His approach to assembling this extensive array is simple. ‘I pick colours based on imagery that I collect. I don’t go through a Pantone book. I have a huge database of the most random images and I go through them and select by colour what is speaking to me,’ says Lak, who is currently working between LA and New York. ‘Without sounding like a Laurel Canyon hippie, it’s purely instinctual. The way that I worked on this project is similar to how I work in fashion. I make boards of all these different colour samples, and then I just put them next to each other to see what works; I go outside in the afternoon to see what it looks like then, and in the morning, and under artificial light. I’m probably the only nerd in the world who is excited by that, but for me, that is the most exciting thing, to find the shade that clicks.’
The palette that accompanies the woolly trio has been drawn from the ephemeral and the mundane, be it the buttery shade of cheese and crackers, the muted tones of milkshakes and smoothies, or the bold colour combinations of digital icons. Lak also looked to nature; ‘the subdued shades of plants that are almost dying or completely overwatered or over-thriving, and colours of the sky,’ he recounts. ‘All of these natural components completely overlapped with the reality of the pandemic home life.’
Lak also looked to the corporate colours of American brands like McDonald’s, Dunkin’ Donuts and Baskin-Robbins. ‘I was drawn to using these aggressive, almost unnatural colours and making them feel more natural and subtle on very natural fibres. There was a lot of clashing, which is also reflective of what we are living through – a time of opposing emotions, where we are happy to have some quiet, but we’re also bored of quiet. We’re scared, but we’re also kind of satisfied.’
‘Sander has a strong gut instinct about colour,’ says Mary Murphy, Maharam’s senior vice president of design. ‘In addition to arriving at colours that are unusual, Sander also likes mysterious colours, colours we don’t quite know, that change in different light. He likes combining things that are a little bit weird. The two felt wools offered a blank canvas for him to do whatever he wanted. He could go crazy with the solid felt and the dyed fibres in the mélange version. His colour combinations created a lot of surprises. The mélange is my favourite because if you look closely, you can see different things.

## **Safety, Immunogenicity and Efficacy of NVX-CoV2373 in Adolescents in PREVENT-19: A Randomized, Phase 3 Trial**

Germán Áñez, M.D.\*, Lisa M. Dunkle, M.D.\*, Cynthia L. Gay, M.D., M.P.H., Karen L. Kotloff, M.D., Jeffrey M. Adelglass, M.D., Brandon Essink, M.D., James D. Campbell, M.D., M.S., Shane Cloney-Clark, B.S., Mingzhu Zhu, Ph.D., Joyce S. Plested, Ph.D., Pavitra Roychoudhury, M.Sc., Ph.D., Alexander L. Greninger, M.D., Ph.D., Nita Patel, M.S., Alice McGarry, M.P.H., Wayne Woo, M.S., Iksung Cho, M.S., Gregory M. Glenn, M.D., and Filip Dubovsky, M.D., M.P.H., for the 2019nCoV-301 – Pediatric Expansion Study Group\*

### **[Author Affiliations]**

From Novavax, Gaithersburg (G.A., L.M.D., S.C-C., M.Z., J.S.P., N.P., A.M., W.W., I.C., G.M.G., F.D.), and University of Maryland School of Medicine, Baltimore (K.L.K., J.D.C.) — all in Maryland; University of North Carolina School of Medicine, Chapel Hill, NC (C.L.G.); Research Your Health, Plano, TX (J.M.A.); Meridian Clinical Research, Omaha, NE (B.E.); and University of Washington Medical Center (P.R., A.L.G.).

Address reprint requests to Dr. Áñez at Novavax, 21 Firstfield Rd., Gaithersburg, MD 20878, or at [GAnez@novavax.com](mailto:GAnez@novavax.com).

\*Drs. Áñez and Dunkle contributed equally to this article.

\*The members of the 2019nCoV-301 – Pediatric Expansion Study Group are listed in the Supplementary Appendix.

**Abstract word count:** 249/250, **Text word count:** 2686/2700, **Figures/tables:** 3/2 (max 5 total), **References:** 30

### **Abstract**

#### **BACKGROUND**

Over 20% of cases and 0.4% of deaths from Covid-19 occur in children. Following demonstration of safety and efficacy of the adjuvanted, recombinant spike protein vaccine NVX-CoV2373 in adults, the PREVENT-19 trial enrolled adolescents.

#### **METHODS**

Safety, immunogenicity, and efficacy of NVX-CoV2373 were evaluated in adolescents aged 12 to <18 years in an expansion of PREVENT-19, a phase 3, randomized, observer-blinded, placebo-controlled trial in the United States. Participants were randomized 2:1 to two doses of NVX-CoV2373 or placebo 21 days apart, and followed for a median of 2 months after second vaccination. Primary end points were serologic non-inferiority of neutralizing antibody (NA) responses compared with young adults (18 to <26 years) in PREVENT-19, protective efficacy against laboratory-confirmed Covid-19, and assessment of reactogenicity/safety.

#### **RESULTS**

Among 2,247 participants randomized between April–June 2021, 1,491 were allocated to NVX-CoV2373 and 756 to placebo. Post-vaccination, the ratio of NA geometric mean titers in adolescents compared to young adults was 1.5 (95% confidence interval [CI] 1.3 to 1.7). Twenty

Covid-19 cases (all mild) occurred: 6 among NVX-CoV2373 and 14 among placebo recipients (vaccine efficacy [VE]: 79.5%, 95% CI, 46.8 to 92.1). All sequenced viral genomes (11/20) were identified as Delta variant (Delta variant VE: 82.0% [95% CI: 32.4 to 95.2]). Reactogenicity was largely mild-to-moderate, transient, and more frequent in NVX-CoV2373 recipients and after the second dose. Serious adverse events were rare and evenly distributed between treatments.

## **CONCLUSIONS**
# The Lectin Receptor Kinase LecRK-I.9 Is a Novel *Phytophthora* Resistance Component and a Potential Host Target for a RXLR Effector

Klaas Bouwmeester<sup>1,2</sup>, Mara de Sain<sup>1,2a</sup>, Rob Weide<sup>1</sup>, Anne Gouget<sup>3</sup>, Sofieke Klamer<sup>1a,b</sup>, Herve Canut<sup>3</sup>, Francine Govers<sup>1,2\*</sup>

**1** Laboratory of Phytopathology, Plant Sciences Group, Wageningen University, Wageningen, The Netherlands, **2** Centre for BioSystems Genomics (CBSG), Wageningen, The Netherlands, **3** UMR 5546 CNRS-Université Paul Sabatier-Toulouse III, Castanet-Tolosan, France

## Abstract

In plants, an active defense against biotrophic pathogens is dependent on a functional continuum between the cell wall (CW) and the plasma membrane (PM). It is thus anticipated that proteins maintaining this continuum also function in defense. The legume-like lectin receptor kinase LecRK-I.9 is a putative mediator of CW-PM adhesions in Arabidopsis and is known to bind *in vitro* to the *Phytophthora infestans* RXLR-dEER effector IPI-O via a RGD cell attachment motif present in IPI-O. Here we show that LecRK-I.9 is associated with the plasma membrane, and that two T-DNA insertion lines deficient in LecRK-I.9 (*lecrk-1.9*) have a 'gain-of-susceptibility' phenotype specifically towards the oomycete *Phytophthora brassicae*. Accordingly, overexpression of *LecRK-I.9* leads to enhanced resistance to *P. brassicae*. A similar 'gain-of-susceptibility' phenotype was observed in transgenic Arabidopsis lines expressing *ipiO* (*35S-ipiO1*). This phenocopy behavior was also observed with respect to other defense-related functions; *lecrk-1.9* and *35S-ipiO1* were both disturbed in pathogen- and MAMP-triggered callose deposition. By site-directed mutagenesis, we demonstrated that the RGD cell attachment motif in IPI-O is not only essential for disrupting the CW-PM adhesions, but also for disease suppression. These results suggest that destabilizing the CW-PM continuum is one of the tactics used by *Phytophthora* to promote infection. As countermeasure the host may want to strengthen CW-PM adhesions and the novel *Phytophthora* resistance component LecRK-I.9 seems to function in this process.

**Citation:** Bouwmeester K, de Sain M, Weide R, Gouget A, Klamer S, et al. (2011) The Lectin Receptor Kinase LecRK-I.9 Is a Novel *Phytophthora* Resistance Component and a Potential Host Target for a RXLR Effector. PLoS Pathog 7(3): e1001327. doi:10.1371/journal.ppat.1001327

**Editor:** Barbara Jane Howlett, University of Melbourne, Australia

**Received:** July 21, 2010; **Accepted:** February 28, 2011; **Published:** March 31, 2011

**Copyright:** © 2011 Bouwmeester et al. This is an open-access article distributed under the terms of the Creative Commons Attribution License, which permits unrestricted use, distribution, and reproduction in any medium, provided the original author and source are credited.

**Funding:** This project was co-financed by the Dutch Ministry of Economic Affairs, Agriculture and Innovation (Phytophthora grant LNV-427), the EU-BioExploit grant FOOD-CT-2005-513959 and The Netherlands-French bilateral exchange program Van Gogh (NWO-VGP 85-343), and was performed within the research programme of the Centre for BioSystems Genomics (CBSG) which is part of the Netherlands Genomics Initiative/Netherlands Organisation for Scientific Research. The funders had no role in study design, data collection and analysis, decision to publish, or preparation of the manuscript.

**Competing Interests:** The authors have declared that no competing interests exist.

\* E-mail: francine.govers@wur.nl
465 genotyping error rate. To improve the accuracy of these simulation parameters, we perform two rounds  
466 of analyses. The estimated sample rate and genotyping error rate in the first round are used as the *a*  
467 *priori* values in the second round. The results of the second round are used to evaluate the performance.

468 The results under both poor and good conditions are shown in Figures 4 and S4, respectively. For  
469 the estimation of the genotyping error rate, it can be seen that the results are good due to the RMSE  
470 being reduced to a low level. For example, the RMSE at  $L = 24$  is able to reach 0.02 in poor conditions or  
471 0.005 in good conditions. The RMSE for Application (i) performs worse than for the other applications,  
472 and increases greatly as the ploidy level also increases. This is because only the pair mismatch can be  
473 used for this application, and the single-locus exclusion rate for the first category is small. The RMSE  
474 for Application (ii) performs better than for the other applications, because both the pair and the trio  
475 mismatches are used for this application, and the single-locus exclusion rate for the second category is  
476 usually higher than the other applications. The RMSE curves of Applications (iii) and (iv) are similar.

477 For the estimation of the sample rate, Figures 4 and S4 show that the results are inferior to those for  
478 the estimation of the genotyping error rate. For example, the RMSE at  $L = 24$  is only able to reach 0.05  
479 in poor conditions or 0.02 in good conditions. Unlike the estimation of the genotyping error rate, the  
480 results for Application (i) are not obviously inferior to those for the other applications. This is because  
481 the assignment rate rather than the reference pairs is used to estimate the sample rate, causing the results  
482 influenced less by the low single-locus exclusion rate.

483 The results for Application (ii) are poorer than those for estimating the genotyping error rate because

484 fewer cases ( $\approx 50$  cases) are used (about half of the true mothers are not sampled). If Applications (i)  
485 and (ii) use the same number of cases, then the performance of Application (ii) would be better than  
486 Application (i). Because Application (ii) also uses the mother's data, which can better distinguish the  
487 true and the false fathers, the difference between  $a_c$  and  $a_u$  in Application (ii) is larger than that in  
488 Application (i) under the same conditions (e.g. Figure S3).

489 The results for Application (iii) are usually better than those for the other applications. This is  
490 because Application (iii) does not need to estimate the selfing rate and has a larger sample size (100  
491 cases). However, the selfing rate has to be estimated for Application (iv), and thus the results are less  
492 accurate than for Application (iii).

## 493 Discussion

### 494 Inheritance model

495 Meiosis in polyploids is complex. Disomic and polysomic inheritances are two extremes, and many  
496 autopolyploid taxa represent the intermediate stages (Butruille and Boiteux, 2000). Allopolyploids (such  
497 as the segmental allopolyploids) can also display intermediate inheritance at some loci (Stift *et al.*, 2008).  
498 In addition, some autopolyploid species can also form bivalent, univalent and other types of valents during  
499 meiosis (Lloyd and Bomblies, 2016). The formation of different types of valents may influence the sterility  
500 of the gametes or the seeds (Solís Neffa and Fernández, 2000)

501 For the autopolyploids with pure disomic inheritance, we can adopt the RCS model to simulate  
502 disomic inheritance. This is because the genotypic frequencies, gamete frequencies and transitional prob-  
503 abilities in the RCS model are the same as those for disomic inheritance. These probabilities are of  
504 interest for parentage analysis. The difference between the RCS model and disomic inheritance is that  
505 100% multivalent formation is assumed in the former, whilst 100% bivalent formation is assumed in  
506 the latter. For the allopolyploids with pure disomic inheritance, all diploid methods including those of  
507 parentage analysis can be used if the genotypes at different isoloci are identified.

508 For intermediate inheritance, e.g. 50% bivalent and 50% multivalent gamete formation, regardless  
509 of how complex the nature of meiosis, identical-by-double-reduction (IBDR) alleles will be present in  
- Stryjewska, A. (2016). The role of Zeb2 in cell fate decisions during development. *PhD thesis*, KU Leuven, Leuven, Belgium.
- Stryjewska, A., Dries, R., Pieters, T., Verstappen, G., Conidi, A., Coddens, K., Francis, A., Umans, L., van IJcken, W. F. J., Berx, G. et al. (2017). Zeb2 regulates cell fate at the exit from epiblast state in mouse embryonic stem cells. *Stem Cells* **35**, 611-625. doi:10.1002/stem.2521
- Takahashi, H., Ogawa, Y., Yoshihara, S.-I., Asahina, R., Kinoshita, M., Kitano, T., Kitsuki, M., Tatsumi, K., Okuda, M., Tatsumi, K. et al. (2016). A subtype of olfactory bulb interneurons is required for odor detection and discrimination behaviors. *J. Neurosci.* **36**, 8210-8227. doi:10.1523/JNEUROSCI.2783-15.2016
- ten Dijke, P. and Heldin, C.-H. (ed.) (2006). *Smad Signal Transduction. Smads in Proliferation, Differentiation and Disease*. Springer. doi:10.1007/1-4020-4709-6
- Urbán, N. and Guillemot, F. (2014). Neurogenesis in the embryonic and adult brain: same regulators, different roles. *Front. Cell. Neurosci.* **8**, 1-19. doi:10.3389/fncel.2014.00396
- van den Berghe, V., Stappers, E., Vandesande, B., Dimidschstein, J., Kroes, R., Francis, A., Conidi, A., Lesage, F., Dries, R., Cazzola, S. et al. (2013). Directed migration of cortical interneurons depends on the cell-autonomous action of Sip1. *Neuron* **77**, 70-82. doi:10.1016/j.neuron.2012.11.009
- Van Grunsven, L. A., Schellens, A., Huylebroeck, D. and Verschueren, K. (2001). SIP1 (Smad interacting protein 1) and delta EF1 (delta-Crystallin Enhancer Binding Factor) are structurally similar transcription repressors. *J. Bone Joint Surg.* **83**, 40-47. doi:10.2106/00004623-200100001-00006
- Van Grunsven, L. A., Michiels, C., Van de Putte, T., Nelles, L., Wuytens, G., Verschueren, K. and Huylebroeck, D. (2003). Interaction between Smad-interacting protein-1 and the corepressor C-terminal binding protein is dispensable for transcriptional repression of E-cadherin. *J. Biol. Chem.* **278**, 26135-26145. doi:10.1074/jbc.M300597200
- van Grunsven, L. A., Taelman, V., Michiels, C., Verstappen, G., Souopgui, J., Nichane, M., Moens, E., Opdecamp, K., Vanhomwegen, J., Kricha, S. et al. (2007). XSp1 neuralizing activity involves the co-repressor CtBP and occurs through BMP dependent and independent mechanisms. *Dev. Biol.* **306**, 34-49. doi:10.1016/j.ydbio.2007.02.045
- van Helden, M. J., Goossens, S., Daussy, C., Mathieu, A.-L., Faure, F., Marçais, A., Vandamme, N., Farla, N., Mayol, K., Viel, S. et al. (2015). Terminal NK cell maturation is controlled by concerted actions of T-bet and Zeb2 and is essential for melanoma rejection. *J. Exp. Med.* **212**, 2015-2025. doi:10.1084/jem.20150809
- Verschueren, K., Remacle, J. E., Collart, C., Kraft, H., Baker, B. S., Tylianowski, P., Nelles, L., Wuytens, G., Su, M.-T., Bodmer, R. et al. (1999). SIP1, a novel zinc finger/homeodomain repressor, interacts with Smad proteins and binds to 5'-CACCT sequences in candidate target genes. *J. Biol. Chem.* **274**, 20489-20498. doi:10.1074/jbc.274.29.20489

‘For Terra, we wanted something that would complement the flat woven felts,’ she adds. ‘It’s the most textured of all the wools that we were working on. It is piece-dyed, so Sander wasn’t limited in any way by yarn colours. We wanted him to have free rein to express his point of view, which is definitely different. That’s why we collaborate and bring that different flavour to our line.’
None of the colourways’ references are explicitly named in the collection, but each of Lak’s textiles possesses a memorable energy that emerges from their idiosyncratic depth and complexity. Enhanced by Maharam’s impeccable dyeing and manufacturing prowess, which adds resiliency to ensure the textiles stand up to both upholstery and vertical applications, the three new fabrics are just the start of more to come.
‘We’ve always said that we don’t want to collaborate with someone we wouldn’t want to have dinner with,’ says Murphy. ‘We want a long-term relationship. Even though it wasn’t quite as much fun because we couldn’t work face-to-face, we were still able to achieve something that we all feel good about. There’s also going to be another and another, so we still have time.’
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Pei-Ru Keh is a former US Editor at Wallpaper*. Born and raised in Singapore, she has been a New Yorker since 2013. Pei-Ru held various titles at Wallpaper* between 2007 and 2023. She reports on design, tech, art, architecture, fashion, beauty and lifestyle happenings in the United States, both in print and digitally. Pei-Ru took a key role in championing diversity and representation within Wallpaper's content pillars, actively seeking out stories that reflect a wide range of perspectives. She lives in Brooklyn with her husband and two children, and is currently learning how to drive.